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(EDITORIAL from Korea Times on April 4)

All News 06:59 April 04, 2016

Cigarette packaging row
Time for bolder policies to curb smoking rate

The government's move to repackage cigarettes with graphic images showing the harmful effects of smoking is a step in the right direction to curb the highest smoking rate among OECD countries.

Korea has belatedly joined the global trend of more than 80 countries, including Canada and the European Union, to adopt pictorial warnings on cigarette packs. A severely diseased lung and other distasteful images were among the 10 pictorial warnings unveiled by the Ministry of Health and Welfare last week. The images must occupy more than 30 percent of the front and back of cigarette packaging starting from Dec. 23.

The effectiveness of pictorial warnings to discourage people from smoking has been proven in countries such as Canada, where the warnings were adopted in 2001. Just five years after Canada adopted the warnings, the smoking rate dropped to 18 percent from 24 percent.

The graphic warnings have prompted a dispute among anti-smoking groups who welcome the move, and the tobacco industry, which says that the warnings infringe on various rights of manufacturers, retailers and smokers.

These disputes should not deter the government from pursuing bolder initiatives to curb the nation's smoking rate. They government should try to make the pictorial warnings as effective as possible before it finalizes the plan in June. Many experts say the graphic images should take up the upper part of the package, not the bottom because it is likely that the images will be covered by the stands, weakening the effectiveness.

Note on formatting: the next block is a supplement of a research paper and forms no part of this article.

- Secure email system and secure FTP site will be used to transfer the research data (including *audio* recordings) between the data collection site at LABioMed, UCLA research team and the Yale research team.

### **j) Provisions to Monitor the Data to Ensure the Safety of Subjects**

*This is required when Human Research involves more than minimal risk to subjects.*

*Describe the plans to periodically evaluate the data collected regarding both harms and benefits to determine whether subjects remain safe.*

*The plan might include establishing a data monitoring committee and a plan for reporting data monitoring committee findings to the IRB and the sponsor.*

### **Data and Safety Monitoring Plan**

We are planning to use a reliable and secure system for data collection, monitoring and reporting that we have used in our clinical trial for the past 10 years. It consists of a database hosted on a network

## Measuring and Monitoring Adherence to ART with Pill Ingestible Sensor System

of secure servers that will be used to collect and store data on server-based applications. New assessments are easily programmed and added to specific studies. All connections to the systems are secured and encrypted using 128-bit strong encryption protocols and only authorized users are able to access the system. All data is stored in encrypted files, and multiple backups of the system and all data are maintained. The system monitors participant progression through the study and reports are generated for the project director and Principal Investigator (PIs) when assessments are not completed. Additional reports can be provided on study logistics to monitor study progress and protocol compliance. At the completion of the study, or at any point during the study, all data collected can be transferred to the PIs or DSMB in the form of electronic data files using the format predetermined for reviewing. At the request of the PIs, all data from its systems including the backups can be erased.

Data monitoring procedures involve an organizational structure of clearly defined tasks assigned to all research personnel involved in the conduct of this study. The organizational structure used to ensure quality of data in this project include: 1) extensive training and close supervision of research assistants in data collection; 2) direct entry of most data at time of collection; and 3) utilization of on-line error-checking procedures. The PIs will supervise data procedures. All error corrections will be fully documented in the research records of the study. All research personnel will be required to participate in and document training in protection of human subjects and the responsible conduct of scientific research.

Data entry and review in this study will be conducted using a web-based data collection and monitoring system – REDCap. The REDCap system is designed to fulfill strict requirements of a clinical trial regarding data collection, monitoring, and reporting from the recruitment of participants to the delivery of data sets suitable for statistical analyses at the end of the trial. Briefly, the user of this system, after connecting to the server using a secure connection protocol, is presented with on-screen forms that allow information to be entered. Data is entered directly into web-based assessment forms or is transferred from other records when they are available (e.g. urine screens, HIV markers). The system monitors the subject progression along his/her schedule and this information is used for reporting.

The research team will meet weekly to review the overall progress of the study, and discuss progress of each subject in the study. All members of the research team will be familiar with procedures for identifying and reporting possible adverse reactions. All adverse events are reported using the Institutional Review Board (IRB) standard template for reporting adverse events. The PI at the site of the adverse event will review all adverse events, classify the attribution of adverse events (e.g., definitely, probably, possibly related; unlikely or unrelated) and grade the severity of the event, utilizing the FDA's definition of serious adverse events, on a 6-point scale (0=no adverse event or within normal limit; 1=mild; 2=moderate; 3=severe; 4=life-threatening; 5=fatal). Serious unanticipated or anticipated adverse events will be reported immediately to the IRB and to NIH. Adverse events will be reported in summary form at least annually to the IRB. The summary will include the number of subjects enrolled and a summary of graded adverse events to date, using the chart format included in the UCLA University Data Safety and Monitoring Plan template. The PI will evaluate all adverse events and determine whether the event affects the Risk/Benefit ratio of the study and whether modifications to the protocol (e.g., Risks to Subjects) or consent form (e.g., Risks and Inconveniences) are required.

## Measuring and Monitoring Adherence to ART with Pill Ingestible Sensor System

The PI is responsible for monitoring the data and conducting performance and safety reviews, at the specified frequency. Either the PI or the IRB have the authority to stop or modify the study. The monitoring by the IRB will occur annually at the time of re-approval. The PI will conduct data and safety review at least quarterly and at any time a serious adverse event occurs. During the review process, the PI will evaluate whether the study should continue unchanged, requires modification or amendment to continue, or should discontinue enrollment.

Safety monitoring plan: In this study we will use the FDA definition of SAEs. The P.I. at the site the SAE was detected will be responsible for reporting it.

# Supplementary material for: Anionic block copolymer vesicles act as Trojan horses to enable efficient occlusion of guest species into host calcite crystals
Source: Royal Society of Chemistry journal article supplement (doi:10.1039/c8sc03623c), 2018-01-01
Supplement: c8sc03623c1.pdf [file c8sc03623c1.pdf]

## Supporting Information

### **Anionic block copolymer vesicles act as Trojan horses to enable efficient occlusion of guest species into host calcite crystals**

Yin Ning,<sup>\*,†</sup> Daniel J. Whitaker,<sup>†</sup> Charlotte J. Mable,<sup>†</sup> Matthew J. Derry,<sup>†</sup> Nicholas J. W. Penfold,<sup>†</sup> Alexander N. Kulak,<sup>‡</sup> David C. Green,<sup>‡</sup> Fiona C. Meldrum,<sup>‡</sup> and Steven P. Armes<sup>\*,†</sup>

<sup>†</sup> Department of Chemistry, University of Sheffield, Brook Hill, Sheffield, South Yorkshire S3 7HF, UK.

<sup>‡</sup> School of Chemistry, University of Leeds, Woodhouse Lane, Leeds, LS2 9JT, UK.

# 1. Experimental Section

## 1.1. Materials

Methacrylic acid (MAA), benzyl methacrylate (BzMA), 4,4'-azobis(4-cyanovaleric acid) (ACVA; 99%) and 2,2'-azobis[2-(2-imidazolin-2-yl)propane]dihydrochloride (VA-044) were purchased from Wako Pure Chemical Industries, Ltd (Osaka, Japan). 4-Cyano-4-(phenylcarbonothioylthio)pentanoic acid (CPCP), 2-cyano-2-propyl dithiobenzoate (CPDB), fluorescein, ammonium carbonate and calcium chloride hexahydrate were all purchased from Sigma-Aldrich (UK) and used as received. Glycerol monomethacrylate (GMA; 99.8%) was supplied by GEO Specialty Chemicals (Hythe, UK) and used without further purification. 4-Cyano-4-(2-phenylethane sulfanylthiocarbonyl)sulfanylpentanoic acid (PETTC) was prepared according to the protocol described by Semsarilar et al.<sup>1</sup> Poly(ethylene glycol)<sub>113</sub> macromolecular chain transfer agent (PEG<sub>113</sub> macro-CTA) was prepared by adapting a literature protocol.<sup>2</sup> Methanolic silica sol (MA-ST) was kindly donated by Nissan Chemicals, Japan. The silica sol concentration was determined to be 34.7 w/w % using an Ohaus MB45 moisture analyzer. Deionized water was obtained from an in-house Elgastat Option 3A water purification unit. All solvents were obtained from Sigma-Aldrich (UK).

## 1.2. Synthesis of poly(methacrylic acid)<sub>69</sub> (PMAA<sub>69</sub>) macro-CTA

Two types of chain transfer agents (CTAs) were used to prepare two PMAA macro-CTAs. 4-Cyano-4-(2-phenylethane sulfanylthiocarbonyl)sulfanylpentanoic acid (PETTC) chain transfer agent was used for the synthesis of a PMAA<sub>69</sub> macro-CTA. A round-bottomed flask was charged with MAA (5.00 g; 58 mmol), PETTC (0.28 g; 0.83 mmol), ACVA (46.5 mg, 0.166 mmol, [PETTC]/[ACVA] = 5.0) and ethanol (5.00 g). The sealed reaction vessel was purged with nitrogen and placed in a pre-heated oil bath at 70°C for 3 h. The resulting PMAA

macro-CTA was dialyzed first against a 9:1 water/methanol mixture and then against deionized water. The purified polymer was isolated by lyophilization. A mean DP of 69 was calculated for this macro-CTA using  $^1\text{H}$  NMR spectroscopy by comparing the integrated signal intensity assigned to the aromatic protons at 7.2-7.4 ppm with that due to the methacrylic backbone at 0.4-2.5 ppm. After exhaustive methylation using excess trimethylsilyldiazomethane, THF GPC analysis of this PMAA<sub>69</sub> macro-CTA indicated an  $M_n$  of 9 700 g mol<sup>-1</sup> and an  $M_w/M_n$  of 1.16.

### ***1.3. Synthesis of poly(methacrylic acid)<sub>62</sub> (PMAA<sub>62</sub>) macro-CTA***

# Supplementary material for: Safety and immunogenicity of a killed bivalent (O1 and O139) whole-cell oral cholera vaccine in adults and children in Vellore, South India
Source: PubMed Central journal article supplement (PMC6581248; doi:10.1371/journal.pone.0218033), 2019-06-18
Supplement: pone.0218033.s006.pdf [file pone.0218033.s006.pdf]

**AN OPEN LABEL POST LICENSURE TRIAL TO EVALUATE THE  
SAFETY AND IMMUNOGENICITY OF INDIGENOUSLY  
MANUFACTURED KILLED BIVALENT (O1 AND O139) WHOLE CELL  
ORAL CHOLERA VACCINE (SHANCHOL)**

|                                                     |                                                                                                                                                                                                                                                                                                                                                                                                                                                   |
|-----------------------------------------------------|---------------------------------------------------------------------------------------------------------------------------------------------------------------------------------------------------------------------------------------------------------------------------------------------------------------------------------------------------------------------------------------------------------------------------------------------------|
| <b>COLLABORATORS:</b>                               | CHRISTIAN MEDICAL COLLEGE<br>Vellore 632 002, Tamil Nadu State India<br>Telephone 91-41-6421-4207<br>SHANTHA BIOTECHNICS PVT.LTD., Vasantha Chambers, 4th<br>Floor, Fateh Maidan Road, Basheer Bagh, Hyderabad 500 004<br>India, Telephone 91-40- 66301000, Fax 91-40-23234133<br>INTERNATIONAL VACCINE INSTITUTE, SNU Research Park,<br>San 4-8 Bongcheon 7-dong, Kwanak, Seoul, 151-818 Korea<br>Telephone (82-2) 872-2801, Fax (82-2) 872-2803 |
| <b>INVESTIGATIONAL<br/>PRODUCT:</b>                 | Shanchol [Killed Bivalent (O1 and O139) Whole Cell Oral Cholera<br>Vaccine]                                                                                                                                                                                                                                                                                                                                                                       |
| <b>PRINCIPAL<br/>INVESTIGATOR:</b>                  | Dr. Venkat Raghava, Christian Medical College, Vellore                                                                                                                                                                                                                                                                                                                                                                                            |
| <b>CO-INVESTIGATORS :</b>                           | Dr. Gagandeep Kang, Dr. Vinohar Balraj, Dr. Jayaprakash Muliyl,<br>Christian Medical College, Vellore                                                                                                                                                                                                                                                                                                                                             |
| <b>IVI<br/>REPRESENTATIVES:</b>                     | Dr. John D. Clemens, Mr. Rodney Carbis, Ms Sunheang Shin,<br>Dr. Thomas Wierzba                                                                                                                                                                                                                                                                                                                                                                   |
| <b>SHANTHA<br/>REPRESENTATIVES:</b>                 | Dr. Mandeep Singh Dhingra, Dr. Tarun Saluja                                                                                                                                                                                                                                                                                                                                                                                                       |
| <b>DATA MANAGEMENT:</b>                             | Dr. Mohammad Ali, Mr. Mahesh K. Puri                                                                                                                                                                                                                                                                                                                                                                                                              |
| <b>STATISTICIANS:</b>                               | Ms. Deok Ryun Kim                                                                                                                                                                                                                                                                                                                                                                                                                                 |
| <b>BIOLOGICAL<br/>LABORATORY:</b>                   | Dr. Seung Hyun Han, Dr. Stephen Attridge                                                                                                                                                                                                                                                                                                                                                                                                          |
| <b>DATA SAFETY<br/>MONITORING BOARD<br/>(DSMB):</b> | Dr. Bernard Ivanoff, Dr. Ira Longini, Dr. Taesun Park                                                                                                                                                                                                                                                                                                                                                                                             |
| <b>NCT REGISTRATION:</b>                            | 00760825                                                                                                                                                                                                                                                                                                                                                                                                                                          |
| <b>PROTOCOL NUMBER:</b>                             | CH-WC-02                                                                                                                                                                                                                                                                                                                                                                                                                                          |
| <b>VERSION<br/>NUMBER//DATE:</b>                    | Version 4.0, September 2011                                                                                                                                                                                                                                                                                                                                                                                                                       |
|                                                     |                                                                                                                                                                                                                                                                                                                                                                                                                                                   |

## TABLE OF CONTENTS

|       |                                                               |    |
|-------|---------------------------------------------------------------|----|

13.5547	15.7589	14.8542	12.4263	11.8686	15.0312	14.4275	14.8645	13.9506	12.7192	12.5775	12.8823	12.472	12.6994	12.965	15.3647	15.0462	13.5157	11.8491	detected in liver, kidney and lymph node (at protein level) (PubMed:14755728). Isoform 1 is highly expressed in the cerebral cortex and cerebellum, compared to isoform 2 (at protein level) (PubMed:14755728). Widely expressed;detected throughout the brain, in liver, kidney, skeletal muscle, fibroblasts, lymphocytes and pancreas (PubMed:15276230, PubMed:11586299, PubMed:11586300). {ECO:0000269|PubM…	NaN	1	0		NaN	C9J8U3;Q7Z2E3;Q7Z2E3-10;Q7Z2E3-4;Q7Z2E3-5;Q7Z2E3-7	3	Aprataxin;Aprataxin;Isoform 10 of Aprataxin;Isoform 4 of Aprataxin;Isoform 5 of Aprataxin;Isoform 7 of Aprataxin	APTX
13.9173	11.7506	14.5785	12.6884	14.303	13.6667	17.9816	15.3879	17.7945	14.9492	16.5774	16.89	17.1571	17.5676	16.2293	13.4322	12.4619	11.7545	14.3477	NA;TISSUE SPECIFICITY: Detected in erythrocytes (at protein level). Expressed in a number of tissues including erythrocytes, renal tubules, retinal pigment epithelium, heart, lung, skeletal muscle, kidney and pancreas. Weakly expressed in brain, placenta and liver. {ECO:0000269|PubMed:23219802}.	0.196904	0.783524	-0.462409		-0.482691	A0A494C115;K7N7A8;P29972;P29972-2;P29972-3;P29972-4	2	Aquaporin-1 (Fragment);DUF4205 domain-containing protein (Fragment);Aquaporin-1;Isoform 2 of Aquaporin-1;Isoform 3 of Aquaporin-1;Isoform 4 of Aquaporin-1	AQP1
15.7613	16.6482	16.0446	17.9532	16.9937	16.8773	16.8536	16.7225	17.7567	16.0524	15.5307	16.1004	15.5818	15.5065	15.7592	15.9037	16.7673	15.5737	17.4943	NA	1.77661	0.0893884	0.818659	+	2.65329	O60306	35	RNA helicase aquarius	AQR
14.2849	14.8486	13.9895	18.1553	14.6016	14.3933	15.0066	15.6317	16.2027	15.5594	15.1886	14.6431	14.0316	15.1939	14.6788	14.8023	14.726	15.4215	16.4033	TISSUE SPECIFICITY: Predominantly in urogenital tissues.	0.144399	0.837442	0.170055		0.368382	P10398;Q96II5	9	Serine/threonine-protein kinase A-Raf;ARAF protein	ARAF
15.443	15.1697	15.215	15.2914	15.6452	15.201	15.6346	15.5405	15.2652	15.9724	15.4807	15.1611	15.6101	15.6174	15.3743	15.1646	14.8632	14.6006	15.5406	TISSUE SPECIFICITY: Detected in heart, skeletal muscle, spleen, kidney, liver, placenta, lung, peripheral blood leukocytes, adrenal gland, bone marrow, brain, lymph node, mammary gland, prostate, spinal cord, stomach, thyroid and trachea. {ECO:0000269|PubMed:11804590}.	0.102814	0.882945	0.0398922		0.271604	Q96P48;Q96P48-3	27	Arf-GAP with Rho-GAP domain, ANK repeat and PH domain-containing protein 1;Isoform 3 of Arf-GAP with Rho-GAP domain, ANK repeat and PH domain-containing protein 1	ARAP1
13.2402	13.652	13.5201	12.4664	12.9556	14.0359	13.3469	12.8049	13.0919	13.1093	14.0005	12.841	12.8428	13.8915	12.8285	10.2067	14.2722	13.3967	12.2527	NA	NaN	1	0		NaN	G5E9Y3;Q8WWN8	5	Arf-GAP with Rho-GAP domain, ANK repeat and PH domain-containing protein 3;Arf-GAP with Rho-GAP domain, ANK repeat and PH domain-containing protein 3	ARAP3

Most countries that have adopted the pictorial warnings have placed them in the upper part of the cigarette pack so that they will be clearly visible. The images should also take up a larger portion of the pack. In Canada, they take up 75 percent and in Australia they take up as much as 95 percent.

Korea's smoking rate among male adults is 43.1 percent, which is the highest among OECD countries. The government is aiming to bring this down to 29 percent by 2020. For this, there is much room for improvement in the nation's backward anti-smoking policy. Previous measures such as last year's price hike did not have a lasting effect.

Citing the need to discourage smoking, the government raised taxes on cigarettes by 2,000 won ($1.62), starting in January 2015, raising the price to 4,500 won per pack. Recent data showed that slightly more than one year afterwards, the move to quit smoking has died down, with much fewer people joining anti-smoking clinics operated by public health centers. Even with the price hike, while considered "massive" by the average Korean smoker, cigarettes are still much cheaper here than in more advanced countries.

The reality is that cigarettes are still too available in Korea. Smoking is more than a matter of personal choice when considering the hazards of passive smoking, which has been known to cause not only lung cancer but heart attacks, asthma and many more diseases, as well as other environmental and social impacts.

Stronger measures to lessen the availability of cigarettes should be implemented, such as an additional price hike and raising the legal age for purchasing and using tobacco products. In addition, expanding rules to ban smoking in public places and other ways to discourage smoking should be promoted with the participation of various sectors of Korean society.

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